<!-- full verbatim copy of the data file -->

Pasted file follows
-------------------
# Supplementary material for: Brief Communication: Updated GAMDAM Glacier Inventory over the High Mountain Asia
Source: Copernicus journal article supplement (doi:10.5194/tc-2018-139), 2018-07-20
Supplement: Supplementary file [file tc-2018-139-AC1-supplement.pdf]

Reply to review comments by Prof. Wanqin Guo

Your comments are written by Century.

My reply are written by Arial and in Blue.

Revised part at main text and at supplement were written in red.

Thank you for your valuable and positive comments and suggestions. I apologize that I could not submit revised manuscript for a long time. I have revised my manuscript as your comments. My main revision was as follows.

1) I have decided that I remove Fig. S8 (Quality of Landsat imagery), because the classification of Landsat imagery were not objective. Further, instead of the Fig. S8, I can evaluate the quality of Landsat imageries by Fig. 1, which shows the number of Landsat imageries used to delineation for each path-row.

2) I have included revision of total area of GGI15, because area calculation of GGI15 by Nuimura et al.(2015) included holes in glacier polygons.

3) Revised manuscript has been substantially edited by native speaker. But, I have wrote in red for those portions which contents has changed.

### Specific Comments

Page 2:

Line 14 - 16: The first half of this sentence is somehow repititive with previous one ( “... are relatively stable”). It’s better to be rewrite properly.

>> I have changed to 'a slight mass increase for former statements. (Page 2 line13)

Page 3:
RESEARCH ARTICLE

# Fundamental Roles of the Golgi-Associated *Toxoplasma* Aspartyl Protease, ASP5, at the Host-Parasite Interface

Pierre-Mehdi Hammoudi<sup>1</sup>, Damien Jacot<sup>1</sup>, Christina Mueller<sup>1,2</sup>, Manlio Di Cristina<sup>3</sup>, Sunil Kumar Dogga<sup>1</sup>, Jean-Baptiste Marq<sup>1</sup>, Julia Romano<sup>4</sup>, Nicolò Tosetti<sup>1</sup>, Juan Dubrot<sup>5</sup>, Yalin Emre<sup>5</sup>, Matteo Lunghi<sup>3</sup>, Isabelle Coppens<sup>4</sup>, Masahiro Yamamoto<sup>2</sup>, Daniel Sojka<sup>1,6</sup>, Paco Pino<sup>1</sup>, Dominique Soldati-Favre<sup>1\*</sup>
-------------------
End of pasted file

# Supplementary material for: Brief Communication: Updated GAMDAM Glacier Inventory over the High Mountain Asia
Source: Copernicus journal article supplement (doi:10.5194/tc-2018-139), 2018-07-20
Supplement: Supplementary file [file tc-2018-139-AC1-supplement.pdf]

Reply to review comments by Prof. Wanqin Guo

Your comments are written by Century.

My reply are written by Arial and in Blue.

Revised part at main text and at supplement were written in red.

Thank you for your valuable and positive comments and suggestions. I apologize that I could not submit revised manuscript for a long time. I have revised my manuscript as your comments. My main revision was as follows.

1) I have decided that I remove Fig. S8 (Quality of Landsat imagery), because the classification of Landsat imagery were not objective. Further, instead of the Fig. S8, I can evaluate the quality of Landsat imageries by Fig. 1, which shows the number of Landsat imageries used to delineation for each path-row.

2) I have included revision of total area of GGI15, because area calculation of GGI15 by Nuimura et al.(2015) included holes in glacier polygons.

3) Revised manuscript has been substantially edited by native speaker. But, I have wrote in red for those portions which contents has changed.

### Specific Comments

Page 2:

Line 14 - 16: The first half of this sentence is somehow repititive with previous one ( “... are relatively stable”). It’s better to be rewrite properly.

>> I have changed to 'a slight mass increase for former statements. (Page 2 line13)

Page 3:
RESEARCH ARTICLE

# Fundamental Roles of the Golgi-Associated *Toxoplasma* Aspartyl Protease, ASP5, at the Host-Parasite Interface

Pierre-Mehdi Hammoudi<sup>1</sup>, Damien Jacot<sup>1</sup>, Christina Mueller<sup>1,2</sup>, Manlio Di Cristina<sup>3</sup>, Sunil Kumar Dogga<sup>1</sup>, Jean-Baptiste Marq<sup>1</sup>, Julia Romano<sup>4</sup>, Nicolò Tosetti<sup>1</sup>, Juan Dubrot<sup>5</sup>, Yalin Emre<sup>5</sup>, Matteo Lunghi<sup>3</sup>, Isabelle Coppens<sup>4</sup>, Masahiro Yamamoto<sup>2</sup>, Daniel Sojka<sup>1,6</sup>, Paco Pino<sup>1</sup>, Dominique Soldati-Favre<sup>1\*</sup>